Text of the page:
We have recently evaluated a 67 years old woman referred to our hospital for ascites. Her clinical history was negative. She referred a slow progressive increase of the abdominal circumference over the past 4-5 years. On arrival at our hospital the patient showed slight dyspnea, normal arterial pressure and pulse. On physical examination we observed bilateral elevation of pulmonary inferior margins, no signs of cardiocirculatory failure nor peripheral oedema, a remarkable ascites with eversion of the umbilicus. No venous reticula, fullness in the flanks, fluid thrill, defense reaction nor shifting dullness were present. Splanchnic organs were not palpable, the bowel sounds were muffled. Laboratory investigations were normal with normal liver and kidney function tests, normal albumin plasma concentration and normal plasma ion concentrations. Also plasma osmolarity was in the normal range. The alpha-fetoprotein plasma levels were normal as were other tumoral markers investigated (CA-125, CEA, hCG, CA 19-9). The urine analysis was normal. Chest X-ray did not show any remarkable finding. On abdominal ultrasound examination performed on site upon arrival at the emergency care unit, the liver appeared normal with the description of important ascites. An abdominal CT scan was then performed. The liver, gallbladder, intrahepatic biliary tree, common bile duct, spleen, pancreas, kidneys, large vessels and bladder were all normal. The uterus was homogeneous and hypotrophic. A giant intraperitoneal cystic mass measuring 28.5 × 17.8 × 46.2 cm (with a calculated volume of about 12 liters) was visualized originating from the right ovary with numerous septa displacing the colon, the stomach and pushing up the liver and the spleen with no compression of other abdominal organs (Figure 1). There was no free fluid in the abdomen and no sign of infiltration. The patient underwent the surgical removal of the ovarian mass that was diagnosed by the pathologist as a giant mucinous cystadenoma of the ovary.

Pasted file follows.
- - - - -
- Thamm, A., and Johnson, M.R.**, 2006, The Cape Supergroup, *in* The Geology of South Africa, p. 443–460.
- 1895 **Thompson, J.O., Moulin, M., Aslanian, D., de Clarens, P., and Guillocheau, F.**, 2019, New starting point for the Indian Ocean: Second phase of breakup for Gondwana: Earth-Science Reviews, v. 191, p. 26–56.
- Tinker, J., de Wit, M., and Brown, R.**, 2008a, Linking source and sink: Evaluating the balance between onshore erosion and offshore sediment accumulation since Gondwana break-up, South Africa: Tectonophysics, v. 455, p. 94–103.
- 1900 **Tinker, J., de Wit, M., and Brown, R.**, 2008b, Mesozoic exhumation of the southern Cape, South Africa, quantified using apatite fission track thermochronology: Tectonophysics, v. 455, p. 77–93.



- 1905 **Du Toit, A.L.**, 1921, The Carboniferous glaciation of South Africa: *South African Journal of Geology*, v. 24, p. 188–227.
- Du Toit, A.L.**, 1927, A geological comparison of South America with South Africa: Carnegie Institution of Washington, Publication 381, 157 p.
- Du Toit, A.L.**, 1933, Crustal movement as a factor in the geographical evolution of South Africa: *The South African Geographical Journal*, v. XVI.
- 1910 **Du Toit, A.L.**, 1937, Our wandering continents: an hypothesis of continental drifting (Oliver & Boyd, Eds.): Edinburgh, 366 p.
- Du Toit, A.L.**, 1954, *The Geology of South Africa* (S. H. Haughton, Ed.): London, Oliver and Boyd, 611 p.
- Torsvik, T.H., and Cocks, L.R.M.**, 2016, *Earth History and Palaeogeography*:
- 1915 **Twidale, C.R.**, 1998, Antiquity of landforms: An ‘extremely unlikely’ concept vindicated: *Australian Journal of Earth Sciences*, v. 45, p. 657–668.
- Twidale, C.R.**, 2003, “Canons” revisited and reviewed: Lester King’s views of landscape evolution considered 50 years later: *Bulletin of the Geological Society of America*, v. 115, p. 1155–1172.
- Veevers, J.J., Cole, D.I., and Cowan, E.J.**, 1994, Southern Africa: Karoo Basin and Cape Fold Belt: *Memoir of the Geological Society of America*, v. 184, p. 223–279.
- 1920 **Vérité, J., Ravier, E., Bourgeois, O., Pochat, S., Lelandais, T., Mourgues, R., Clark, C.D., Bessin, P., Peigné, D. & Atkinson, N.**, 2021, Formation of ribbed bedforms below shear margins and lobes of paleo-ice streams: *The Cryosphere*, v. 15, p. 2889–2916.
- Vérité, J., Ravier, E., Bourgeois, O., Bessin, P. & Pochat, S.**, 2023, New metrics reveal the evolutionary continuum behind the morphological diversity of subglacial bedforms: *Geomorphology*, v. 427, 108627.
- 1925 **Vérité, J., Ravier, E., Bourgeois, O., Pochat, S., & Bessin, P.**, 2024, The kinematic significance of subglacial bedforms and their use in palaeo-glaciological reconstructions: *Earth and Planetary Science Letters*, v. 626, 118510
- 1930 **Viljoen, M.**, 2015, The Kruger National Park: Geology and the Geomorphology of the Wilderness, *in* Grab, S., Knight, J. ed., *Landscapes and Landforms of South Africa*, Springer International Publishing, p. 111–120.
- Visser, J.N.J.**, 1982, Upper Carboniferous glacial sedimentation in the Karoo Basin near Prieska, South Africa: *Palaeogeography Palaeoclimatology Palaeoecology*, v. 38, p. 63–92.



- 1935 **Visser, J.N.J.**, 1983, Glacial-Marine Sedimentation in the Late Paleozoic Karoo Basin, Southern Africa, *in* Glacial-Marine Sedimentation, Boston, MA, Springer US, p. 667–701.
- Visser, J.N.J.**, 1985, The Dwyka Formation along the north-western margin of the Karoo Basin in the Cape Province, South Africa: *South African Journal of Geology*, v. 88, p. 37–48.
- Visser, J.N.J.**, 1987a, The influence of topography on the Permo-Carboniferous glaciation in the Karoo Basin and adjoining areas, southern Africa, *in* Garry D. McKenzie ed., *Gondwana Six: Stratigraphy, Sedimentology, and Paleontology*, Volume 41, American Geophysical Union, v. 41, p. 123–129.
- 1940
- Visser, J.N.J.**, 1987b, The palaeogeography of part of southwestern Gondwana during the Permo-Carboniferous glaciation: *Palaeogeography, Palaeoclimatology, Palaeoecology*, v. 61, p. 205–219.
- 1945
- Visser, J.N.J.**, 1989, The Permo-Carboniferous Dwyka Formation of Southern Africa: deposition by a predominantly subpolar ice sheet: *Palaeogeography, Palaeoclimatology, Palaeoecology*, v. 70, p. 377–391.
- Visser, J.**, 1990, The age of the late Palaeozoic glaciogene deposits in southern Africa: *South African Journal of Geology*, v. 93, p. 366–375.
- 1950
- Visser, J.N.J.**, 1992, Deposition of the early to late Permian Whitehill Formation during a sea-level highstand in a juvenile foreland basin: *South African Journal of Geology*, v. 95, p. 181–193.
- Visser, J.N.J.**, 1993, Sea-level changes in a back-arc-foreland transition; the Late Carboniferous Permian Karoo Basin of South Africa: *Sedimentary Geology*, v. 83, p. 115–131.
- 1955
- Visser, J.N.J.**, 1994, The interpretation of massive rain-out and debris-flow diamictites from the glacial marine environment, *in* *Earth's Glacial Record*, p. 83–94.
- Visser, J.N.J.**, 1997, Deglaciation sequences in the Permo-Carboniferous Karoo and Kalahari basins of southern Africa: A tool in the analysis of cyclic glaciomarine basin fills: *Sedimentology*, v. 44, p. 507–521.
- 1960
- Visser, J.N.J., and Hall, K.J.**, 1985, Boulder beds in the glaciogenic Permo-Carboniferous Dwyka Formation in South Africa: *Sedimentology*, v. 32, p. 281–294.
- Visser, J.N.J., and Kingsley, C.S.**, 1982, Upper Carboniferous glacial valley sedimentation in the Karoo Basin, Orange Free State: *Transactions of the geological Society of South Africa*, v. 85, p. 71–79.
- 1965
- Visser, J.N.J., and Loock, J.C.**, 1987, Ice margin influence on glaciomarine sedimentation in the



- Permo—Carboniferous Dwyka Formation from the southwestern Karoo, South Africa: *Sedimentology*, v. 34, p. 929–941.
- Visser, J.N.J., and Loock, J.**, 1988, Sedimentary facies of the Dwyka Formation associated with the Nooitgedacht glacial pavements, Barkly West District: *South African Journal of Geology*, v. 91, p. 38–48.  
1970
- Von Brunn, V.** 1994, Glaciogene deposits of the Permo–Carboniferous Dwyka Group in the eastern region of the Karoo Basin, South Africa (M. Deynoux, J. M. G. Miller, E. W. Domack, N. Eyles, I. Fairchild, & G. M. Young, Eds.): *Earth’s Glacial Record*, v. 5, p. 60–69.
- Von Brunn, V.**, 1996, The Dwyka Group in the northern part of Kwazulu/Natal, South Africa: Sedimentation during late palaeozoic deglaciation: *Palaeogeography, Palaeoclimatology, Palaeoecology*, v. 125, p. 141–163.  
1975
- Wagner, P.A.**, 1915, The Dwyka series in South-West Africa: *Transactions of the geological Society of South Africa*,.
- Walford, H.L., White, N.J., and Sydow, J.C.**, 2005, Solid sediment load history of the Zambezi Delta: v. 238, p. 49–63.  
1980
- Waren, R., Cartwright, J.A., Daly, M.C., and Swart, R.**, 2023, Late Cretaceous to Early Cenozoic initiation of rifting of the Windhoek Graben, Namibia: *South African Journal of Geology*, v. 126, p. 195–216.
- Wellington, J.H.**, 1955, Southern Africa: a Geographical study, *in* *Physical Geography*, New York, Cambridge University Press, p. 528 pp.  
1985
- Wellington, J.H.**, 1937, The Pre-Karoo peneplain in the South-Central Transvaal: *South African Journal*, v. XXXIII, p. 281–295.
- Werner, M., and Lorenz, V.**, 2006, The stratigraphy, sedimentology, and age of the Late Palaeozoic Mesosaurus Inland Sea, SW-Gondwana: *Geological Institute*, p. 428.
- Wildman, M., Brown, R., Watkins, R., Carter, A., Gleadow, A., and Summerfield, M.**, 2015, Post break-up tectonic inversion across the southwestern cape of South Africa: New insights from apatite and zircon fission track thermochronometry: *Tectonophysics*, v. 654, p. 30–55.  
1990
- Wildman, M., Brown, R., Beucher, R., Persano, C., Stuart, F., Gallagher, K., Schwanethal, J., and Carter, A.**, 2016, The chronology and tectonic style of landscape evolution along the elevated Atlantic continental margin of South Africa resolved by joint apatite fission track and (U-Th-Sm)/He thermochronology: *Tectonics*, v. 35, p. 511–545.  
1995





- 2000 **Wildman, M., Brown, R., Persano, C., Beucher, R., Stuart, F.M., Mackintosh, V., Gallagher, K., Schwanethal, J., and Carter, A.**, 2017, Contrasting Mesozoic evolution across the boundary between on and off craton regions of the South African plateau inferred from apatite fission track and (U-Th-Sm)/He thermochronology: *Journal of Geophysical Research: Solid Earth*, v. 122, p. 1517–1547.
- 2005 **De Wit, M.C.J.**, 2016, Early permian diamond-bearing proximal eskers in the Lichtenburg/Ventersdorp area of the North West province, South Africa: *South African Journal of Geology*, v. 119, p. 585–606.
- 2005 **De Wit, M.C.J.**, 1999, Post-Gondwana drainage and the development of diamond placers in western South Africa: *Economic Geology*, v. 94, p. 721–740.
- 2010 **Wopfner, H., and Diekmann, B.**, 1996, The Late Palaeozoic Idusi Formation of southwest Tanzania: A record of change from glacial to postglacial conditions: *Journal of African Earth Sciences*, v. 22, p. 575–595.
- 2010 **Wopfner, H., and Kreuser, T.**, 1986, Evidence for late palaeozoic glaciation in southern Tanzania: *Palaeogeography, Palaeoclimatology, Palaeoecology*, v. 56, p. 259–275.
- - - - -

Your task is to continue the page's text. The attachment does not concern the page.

.
Figure 1: CT scan of the abdomen showing a multiseptated mass originating from the right ovary and occupying the whole abdomen. View Figure 1



.




Discussion